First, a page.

Have you ever seen one of those chain-reaction contraptions like the one in Back to the Future that makes breakfast and feeds the dog? In the States, it’s known as a Rube Goldberg Machine and as a Heath Robinson Machine in the UK. The idea behind it is to illustrate a very elaborate set of actions to perform a simple task. They’re very fun to watch and, by design, very inefficient. The gimmick is in the obstacles that need to be overcome, without any leeway, to achieve the desired goal. This is why they’re a novelty at best.

I came across this article published by the London School of Economics on the importance of employee-led innovation. It gives some great examples of organisations that have launched programmes aimed at having their employees contribute to continuous improvement or product innovation. A baby food business that produced a new range of after-exercise snacks after employees noted the sugary/salty snacks parents provided after a swimming session; the smoothie company where one employee revamped a poorly selling flavoured water to increase that product’s revenue almost four-fold; 3M, the massive multinational, implementing a policy of 15% innovation time.

Innovation by employees is the next big thing! Sounds great, right? And, it is. But it’s difficult to implement and even more challenging to make the process efficient, equitable, and evidentiary of success. There’s a reason this article was written in 2013 and we’ve not seen a boon of employee innovation since it was published. A lot of moving parts that have to function in a precise way without any room for failure to achieve one result. Innovation by the employee, to date, has its very own Rube Goldberg moment.

So, how do we change that?

First, we must accept and appreciate that our employees have a lot more to offer than how they’re currently being utilised.

Often when we talk about human capital, we’re referencing “the skills, knowledge and experience of a person or group of people, seen as something valuable that an organization or country can make use of.” This is certainly how The Oxford Learning Dictionary defines human capital. It’s the last part of this definition (and the most under-utilised in my opinion) that I want to focus on. Most of the time, the skills, knowledge, and experience of the individual are viewed as the traits which allow them to perform their job duties. Exceptional performance might mean additional compensation like a promotion or raise. Or, conversely, under-performance might result in disciplinary action or loss of job. And, generally, that’s where the extent of the individual’s experience, skills, and knowledge are utilised.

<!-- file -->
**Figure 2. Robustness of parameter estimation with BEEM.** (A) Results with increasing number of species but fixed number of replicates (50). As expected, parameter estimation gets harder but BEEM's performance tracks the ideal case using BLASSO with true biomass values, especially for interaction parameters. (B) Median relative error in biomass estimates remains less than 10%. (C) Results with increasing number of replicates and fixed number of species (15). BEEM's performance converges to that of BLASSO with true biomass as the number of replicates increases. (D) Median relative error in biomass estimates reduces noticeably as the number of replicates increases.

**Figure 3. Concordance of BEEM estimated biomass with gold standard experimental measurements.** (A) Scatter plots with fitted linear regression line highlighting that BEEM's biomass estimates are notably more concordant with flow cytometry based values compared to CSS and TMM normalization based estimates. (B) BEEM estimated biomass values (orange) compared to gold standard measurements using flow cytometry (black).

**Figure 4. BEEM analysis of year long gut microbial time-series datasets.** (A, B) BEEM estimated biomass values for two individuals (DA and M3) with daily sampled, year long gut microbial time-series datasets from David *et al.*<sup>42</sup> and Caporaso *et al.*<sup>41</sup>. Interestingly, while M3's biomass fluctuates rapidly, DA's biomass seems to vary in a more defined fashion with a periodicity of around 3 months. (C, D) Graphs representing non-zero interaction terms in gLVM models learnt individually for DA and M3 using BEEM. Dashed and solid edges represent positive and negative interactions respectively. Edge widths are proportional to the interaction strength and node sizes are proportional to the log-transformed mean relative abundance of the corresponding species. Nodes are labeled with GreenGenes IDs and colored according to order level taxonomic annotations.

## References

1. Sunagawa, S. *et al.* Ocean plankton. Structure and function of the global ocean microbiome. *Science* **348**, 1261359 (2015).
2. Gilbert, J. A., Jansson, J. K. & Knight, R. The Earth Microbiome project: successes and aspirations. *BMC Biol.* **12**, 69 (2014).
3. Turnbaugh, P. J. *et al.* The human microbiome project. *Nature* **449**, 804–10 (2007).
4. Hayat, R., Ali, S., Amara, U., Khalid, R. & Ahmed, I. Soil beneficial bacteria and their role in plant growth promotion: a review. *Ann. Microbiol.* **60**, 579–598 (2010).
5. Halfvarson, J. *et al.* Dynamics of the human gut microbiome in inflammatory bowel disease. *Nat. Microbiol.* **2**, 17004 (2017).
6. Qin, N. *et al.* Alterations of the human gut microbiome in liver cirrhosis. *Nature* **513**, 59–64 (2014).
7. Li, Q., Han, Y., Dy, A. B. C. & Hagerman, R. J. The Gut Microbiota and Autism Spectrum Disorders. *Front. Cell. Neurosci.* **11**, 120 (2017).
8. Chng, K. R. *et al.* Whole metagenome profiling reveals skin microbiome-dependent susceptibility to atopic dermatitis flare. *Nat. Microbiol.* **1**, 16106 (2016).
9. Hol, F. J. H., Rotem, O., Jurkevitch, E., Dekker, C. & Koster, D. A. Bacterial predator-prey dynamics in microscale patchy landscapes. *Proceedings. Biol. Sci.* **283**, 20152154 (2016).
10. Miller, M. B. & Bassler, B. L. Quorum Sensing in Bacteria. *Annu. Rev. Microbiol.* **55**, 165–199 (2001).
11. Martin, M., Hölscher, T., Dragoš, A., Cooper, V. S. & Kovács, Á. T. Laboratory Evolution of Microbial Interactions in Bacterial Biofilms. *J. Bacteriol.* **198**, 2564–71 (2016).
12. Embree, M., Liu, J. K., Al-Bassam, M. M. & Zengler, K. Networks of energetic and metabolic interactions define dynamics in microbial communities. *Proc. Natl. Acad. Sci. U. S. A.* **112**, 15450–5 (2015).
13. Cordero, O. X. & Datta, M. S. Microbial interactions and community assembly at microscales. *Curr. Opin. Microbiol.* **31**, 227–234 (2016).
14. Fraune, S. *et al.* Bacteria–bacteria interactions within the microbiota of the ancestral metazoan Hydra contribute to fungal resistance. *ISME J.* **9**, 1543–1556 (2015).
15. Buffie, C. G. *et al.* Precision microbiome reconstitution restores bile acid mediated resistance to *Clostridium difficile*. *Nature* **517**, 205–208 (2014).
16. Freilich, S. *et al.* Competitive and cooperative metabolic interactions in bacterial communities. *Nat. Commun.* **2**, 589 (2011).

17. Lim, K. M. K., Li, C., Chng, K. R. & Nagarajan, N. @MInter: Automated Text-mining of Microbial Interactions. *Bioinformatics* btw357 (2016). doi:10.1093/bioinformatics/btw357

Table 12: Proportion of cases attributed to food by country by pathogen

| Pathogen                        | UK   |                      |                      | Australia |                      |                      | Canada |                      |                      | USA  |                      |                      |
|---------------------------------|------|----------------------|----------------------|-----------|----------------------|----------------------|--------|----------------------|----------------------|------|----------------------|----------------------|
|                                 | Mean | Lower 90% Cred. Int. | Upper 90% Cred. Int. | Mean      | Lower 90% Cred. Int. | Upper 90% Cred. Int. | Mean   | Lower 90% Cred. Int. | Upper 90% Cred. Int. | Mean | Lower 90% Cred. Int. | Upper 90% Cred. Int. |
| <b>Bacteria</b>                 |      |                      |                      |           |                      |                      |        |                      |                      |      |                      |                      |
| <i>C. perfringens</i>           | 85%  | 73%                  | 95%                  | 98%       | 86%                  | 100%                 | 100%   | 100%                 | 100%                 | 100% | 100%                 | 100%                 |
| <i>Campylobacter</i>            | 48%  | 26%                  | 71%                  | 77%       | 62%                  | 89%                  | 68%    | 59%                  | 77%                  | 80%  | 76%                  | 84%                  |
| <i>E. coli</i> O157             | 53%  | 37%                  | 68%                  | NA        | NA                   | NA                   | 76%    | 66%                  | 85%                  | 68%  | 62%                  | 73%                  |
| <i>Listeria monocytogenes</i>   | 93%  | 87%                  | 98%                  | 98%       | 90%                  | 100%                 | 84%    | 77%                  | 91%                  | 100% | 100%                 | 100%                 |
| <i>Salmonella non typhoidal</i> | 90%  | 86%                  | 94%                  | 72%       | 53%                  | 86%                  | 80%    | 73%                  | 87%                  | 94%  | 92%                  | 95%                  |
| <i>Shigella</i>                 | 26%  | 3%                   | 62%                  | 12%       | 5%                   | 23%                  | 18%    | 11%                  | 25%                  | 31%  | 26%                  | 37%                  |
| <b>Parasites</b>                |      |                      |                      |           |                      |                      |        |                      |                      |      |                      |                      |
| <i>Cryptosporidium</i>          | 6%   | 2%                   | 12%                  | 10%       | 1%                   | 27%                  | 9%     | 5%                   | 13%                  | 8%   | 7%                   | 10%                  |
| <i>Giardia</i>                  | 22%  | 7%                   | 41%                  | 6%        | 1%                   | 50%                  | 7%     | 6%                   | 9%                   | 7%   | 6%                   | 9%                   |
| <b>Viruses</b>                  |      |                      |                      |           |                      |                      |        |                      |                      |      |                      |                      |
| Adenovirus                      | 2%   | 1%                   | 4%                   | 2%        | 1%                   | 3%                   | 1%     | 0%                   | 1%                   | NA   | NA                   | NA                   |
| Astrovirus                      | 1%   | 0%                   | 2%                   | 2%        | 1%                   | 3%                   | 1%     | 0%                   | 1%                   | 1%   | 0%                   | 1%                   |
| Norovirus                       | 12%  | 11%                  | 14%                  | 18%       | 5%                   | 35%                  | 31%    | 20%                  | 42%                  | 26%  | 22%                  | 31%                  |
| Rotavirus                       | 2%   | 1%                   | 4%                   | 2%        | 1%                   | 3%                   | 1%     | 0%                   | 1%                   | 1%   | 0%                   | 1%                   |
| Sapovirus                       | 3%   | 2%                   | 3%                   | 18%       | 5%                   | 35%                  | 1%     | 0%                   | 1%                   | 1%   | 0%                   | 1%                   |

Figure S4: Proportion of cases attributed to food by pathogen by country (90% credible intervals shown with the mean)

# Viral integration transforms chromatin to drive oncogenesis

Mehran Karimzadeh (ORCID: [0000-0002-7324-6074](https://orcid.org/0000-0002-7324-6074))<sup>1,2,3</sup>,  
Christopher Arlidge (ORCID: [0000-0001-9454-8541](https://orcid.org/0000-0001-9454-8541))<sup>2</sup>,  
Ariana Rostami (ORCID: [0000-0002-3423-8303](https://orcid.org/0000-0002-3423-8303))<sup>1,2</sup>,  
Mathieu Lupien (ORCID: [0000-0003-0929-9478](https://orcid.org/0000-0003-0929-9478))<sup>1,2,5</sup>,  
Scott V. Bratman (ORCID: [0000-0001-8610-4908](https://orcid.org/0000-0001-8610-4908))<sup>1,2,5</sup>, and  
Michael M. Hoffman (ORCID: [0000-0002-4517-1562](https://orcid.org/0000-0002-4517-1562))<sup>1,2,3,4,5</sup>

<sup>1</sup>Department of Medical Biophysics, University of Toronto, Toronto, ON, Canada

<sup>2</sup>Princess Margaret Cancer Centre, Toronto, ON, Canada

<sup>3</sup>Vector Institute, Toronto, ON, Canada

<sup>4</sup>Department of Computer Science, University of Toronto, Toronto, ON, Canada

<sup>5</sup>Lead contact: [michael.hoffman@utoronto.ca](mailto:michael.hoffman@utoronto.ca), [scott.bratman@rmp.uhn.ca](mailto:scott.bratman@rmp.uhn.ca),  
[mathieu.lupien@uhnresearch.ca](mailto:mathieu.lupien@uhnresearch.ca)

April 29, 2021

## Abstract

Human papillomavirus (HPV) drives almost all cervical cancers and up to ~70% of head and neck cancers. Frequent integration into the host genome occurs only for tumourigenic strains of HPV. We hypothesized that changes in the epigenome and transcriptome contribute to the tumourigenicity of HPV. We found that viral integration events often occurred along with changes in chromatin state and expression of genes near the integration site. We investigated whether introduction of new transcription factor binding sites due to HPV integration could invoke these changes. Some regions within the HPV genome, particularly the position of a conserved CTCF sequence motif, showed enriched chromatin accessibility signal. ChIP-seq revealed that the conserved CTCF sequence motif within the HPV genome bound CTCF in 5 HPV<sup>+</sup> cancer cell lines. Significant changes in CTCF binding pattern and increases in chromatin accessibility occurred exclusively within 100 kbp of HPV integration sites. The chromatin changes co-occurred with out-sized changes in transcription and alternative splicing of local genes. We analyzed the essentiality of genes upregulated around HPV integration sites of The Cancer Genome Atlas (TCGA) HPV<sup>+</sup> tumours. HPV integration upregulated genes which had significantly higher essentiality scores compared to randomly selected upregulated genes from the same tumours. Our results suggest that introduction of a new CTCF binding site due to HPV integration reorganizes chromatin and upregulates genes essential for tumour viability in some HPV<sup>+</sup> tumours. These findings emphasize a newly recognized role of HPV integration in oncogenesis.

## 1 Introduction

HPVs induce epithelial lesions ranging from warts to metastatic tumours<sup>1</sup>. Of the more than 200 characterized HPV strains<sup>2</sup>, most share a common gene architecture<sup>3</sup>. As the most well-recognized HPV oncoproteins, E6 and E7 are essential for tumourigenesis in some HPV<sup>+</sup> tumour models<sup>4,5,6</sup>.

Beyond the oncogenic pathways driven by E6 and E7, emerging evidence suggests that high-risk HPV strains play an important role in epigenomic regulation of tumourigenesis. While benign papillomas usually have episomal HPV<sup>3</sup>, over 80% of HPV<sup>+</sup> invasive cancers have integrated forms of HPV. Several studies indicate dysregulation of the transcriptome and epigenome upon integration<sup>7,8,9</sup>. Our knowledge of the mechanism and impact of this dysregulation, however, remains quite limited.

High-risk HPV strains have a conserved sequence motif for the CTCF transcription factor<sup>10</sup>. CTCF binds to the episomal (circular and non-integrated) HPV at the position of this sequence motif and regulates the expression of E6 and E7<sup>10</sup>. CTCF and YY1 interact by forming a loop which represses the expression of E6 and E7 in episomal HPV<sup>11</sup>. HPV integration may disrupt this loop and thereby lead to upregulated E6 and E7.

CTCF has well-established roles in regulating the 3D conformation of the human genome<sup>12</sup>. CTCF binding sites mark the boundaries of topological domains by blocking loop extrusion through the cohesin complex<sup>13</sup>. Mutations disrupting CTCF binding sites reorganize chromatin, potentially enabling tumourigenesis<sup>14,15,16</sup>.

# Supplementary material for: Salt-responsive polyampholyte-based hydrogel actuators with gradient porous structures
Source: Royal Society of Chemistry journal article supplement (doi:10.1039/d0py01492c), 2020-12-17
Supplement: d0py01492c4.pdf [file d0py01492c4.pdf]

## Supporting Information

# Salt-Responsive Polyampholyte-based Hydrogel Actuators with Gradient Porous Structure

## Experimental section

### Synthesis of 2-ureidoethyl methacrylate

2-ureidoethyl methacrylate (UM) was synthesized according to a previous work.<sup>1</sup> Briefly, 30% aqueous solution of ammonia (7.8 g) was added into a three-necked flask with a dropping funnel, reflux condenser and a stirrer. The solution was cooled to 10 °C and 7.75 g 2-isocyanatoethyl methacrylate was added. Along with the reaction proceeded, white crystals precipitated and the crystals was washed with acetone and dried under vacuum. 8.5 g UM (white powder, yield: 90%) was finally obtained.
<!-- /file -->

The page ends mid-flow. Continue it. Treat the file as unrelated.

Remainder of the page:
What if organisations thought beyond that and truly maximised the human capital at its disposal? If the individual’s experience, skills, and knowledge make them suitable for their specific role, couldn’t their experience, skills, and knowledge be utilised in other areas of the business like providing valuable feedback, continuous improvement, or even product innovation? The benefits of this are innumerable:

Your organisation’s benefits are many:

  • Greater levels of enthusiasm
  • More discretionary effort
  • Vested interest in the success of the organisation
  • Greater levels of teamwork and collaboration
  • Greater productivity and profitability
  • New and improved products and processes

Okay, you get it; you’ve all in on the notion – what’s next? How do you unleash the creativity?

1.      Listen.

Give the employee their voice. You can do this in a few ways. First take their “pulse” with graphical interface questioning. Then survey the workforce to dig deeper to understand the trends.

2.      Involve.

Give employees an opportunity to ask questions or raise concerns in a way that does so at any time, from anywhere.

3.      Challenge.

Invoke your workforce to offer suggestions for improvement of processes, policies, and procedures.

4.      Collaborate.

No one is better equipped to contribute to an organisation’s innovation efforts than its employees. Let your workforce be your ideation force.

Makes sense, right?

Ahh, but what about the Rube Goldberg complexity?

How do we get rid of the obstacles of ineffective implementation that, traditionally, has gotten in the way of all that creativity?

Here are my five tips:

  • Make it manageable – Find a solution that can mirror your organisational structure
  • Make it decentralised – Put the activities into the hands of your local leaders and away from HR and Innovation
  • Make it structured – Ensure the format for contribution is set up in such a way as to make it fair and hassle-free.
  • Make it measurable – In order to expedite change efforts, the feedback and ideas must be easy to track, easy to spot trends, easy to grade, and easy to report on.
  • Make it fun – Offer information that’s designed to provoke thought and stimulate creativity or, as we call it, brain fuel.

And, if you really want to make employee-led innovation work for you, use a solution like smartcrowds to allow you to do all of the above in one platform.

If you’d like to learn more about smartcrowds, let’s chat.